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  5. "Добро пожаловать в Сибирь!"

"Добро пожаловать в Сибирь!"

Translation:Welcome to Siberia!

November 21, 2015



Chilling words historically, although I would love to visit Siberia now.


>Chilling words

I see what you did there...


I live in Siberia all my life :-)


In the US, we were told for many years that Siberia is where both the Tsar and the Soviet leaders maintained their prison camps, for criminals and political prisoners - that it is a bitterly cold place where people are exiled, there to die or return home broken in body and spirit.

I know Siberia can be very, very cold, and is covered in wilderness, but recently, I've seen some videos of young people in Siberia having a great time. It looked more like a Swedish resort, except everyone is speaking Russian.


In Oymyakon, a city in Siberia, the temperature was once recorded as being -88°F last year (2018). It is considered the coldest permanently inhabited city on Earth, though not the coldest place: Antarctica was once recorded as being -133°F.


Russia doesn't use Fahrenheit, and neither does Antarctica.


What is it like? Как дела?


Siberia is an extreme Russian resort. Welcome to Siberia! =)



Нет, уж лучше вы к нам :)


Bad memories for some nations...


Here is a lingot for the beauty of your first link! Unfortunately, the second no longer works....


Я просто хочу сказать, что эти предложения - очень смешные. Хорошая работа всем!


хорошЕЙ работЫ всем - если это пожелание.

хорошО поработалИ - если это констатация факта.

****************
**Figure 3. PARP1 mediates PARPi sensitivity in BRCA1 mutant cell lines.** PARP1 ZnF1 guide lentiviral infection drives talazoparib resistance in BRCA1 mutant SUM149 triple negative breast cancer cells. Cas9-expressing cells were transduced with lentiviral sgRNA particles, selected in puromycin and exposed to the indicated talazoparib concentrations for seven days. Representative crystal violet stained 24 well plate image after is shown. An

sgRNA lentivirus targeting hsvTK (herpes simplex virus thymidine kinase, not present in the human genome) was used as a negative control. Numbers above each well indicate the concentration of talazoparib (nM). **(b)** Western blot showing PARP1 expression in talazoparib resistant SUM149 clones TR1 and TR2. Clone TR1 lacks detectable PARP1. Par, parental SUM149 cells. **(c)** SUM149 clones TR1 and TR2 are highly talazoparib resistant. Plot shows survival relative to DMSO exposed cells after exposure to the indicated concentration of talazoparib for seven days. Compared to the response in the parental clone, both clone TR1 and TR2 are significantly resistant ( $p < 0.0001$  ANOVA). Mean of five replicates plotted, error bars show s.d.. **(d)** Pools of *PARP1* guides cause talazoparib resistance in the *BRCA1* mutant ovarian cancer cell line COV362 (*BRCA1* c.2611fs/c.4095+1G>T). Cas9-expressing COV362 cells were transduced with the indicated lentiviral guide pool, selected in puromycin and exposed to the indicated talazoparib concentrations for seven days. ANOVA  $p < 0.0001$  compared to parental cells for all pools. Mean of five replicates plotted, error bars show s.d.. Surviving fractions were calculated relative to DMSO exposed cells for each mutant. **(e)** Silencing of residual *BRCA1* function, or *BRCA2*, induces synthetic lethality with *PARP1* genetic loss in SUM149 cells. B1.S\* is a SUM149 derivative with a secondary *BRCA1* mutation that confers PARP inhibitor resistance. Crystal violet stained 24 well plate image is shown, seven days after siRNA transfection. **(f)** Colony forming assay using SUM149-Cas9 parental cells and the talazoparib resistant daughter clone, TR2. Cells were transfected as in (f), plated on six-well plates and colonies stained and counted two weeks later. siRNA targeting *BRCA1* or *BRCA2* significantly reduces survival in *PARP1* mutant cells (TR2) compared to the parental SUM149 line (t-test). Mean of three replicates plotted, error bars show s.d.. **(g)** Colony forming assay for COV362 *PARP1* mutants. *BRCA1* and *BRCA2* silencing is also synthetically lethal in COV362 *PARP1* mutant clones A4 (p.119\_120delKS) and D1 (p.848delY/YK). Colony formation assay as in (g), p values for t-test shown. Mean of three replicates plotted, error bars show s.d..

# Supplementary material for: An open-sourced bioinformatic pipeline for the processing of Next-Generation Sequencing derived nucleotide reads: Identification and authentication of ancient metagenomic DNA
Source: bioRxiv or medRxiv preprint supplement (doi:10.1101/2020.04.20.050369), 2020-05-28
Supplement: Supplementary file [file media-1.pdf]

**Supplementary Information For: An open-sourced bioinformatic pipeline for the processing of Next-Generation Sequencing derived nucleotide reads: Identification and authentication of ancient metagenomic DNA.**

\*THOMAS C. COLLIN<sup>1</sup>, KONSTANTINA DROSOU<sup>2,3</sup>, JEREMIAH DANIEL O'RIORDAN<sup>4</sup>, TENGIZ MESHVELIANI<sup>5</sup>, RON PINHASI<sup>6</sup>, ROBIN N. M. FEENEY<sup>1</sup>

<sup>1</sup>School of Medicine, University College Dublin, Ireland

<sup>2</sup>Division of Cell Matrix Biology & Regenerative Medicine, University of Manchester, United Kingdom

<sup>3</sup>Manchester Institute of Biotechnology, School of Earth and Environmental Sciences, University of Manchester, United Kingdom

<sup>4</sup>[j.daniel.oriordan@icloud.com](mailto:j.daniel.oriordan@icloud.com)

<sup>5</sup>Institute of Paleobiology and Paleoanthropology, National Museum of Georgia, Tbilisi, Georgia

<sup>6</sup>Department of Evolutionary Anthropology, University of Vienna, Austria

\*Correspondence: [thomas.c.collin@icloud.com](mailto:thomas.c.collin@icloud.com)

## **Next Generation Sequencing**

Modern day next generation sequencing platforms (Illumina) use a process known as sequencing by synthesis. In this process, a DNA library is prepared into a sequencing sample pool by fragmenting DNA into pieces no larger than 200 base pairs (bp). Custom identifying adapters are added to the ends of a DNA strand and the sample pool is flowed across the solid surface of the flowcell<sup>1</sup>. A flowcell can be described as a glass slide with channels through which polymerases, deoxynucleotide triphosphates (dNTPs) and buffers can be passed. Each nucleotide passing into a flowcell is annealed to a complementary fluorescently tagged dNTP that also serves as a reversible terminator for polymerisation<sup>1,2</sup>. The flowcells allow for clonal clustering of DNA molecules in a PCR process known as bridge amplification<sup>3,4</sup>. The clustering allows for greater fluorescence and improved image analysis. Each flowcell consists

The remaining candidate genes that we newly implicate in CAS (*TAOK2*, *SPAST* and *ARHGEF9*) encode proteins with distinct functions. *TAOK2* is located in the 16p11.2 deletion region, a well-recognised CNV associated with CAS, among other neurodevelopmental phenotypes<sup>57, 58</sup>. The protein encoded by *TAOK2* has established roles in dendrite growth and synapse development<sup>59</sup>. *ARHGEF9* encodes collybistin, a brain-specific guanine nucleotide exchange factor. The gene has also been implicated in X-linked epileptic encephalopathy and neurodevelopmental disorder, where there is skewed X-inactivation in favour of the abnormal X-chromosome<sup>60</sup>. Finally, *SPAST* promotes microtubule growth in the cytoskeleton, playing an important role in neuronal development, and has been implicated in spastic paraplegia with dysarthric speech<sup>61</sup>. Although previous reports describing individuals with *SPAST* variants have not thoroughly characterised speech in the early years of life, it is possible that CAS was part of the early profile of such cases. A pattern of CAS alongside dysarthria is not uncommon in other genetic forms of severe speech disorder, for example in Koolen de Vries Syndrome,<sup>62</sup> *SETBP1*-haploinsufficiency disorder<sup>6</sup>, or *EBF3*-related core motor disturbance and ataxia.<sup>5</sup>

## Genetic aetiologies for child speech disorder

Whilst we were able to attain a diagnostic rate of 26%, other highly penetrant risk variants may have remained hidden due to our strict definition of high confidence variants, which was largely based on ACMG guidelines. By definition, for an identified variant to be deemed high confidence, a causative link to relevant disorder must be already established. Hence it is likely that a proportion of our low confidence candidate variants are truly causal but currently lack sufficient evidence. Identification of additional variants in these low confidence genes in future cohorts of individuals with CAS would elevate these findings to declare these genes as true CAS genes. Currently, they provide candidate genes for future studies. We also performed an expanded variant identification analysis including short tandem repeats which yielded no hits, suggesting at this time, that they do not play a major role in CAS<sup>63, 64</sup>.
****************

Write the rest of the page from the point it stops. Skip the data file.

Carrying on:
Добрo пожаловать в Сибирь, вот твои бесплатные комары.


I would offer an extended set: free mosquitoes and midges ;)


Since Сибирь is accusative case, I assume that that implies motion into Siberia, a welcome to someone arriving from somewhere.


A warm welcome.


And I always thought the Russian name for Siberia was Сибирия. I was quite surprised when I saw this word, since -ия is a typical Russian suffix for countries:

-Sweden – Швеция

-England - Англия

-Japan – Япония


Конго, Израиль, Пакистан, Китай, Соединённые Штаты Америки, Вьетнам, Камбоджа, Перу...


Yes, these are exceptions, I know. I was more getting at the fact that the English word ends in -ia, why doesn’t the Russian word end in -ия? Where does the English -ia ending come from in Siberia? I thought it came from Russian, but, apparently, it couldn’t have done, since the Russian word does not end in -ия.


There are various theories about the true origin of the word but a lot of them center on the idea that it's not a linguistically Russian word to begin with.


Am I the only one who hears a third и at the end of Сибирь?


Not at all! I hear a third и sound at the end of it, too!


Why doesn’t пожаловать get a translation of its own?


That's so cold...


I tried to find declensions for the feminine noun сивирячка (Siberian woman), but Wiktionary was blank. I guessed at it, and came up with the following:

Case Fem FemPlur
Nom сибиря́чка сибиря́чки
Acc сибиря́чку сибиря́чек
Gen сибиря́чки сибиря́чек
Dat сибиря́чке сибиря́чкам
Inst сибиря́чкей сибиря́чками
Prep сибиря́чке сибиря́чках